Friday, November 18, 2011

New papers from the Social Science Research Network


"Optimal Discrete Ratchet Consumption" 

JOHN G. WATSON, Financial Engines, Inc., Stanford University - Graduate School of Business
JASON S. SCOTT, Financial Engines, Inc.

Philip Dybvig (1995) found optimal spending and investment strategies for endowments with zero tolerance for spending declines. His spending rule is a ratchet - spending never decreases, but has a substantial chance of increasing. Many retirees find this strategy appealing, and in this paper, we find an optimal consumption rule for them. In particular, we solve a discrete-time, finite-horizon version of the ratchet problem. Further, we generalize the utility's felicity and time preference functions, so that we can tailor a solution to a retiree's specific preferences. For optimality, a spending rule must be paired with an investment rule. Here, we investigate dynamic investment strategies - we treat consumption as a derivative security and derive formulas for its delta-hedge.

"The 2006 Earnings Public-Use Microdata File: An Introduction" 
Social Security Bulletin, Vol. 71, No. 4, pp. 33-59, 2011

MICHAEL COMPSON, Office of Research, Evaluation and Statistics

This article introduces the 2006 Earnings Public-Use File (EPUF) and provides important background information on the file's data fields. The EPUF contains selected demographic and earnings information for 4.3 million individuals drawn from a 1-percent sample of all Social Security numbers issued before January 2007. The data file provides aggregate earnings for 1937 to 1950 and annual earnings data for 1951 to 2006. The article focuses on four key items: (1) the Social Security Administration's experiences collecting earnings data over the years and their effect on the data fields included in EPUF; (2) the steps taken to "clean" the underlying administrative data and to minimize the risk of personal data disclosure; (3) the potential limitations of using EPUF data to estimate Social Security benefits for some individuals; and (4) frequency distributions and statistical tabulations of the data in the file, to provide a point of reference for EPUF users.

"What Can We Learn from Analyzing Historical Data on Social Security Entitlements?" 
Social Security Bulletin, Vol. 71, No. 4, pp. 1-13, 2011

JOYCE MANCHESTER, Government of the United States of America - Congressional Budget Office (CBO)
JAE SONG, U.S. Social Security Administration

We use data from Social Security administrative records to examine the lifetime patterns of initial entitlement to retired-worker and Disability Insurance (DI) benefits across cohorts born in different years. Breaking out age-at-entitlement patterns for different birth-year cohorts reveals close adherence in entitlement ages to changes in program rules, such as increasing the full retirement age. The proportion of a cohort that becomes newly entitled to DI benefits rises noticeably during recessions and at ages 50 and 55, and cumulative entitlement rate patterns show that more recent cohorts rely increasingly on DI benefits in their late 30s and 40s.

"Behavioral and Psychological Aspects of the Retirement Decision" 
Social Security Bulletin, Vol. 71, No. 4, pp. 15-32, 2011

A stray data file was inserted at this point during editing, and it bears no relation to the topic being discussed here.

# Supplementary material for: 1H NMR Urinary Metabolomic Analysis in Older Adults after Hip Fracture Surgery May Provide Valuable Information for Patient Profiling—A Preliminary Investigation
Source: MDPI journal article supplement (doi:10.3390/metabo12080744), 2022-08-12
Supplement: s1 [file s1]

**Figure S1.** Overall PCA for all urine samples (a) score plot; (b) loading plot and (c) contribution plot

MELISSA KNOLL, Social Security Administration - Office of Retirement Policy

The majority of research on the retirement decision has focused on the health and wealth aspects of retirement. Such research concludes that people in better health and those enjoying a higher socioeconomic status tend to work longer than their less healthy and less wealthy counterparts. While financial and health concerns are a major part of the retirement decision, there are other issues that may affect the decision to retire that are unrelated to an individual's financial and health status. Judgment and decision-making and behavioral-economics research suggests that there may be a number of behavioral factors influencing the retirement decision. The author reviews and highlights such factors and offers a unique perspective on potential determinants of retirement behavior, including anchoring and framing effects, affective forecasting, hyperbolic discounting, and the planning fallacy. The author then describes findings from previous research and draws novel connections between existing decision-making research and the retirement decision.

"Caregiver Credits in France, Germany, and Sweden: Lessons for the United States" 
Social Security Bulletin, Vol. 71, No. 4, pp. 61-76, 2011

JOHN JANKOWSKI, Government of the United States of America - Social Security Administration

Recently, analysts in the United States (US) have proposed adopting caregiver credits, or pension credits, provided to individuals for time spent out of the workforce while caring for dependent children and sick or elderly relatives. The primary objective of these credits, used in almost all public pension systems in the European Union, is to improve the adequacy of old-age benefits for women whose gaps in workforce participation typically lead to fewer years of contributions, lower lifetime average earnings, and consequently lower pensions. This article examines caregiver credits in the context of future reforms to the US Social Security system, with attention given to the adequacy of current spouse and survivor benefits and how changing marital patterns and family structures have increased the risk of old-age poverty among certain groups of women. It then analyzes caregiver credit programs in selected countries, with particular focus on design, administration, and cost.

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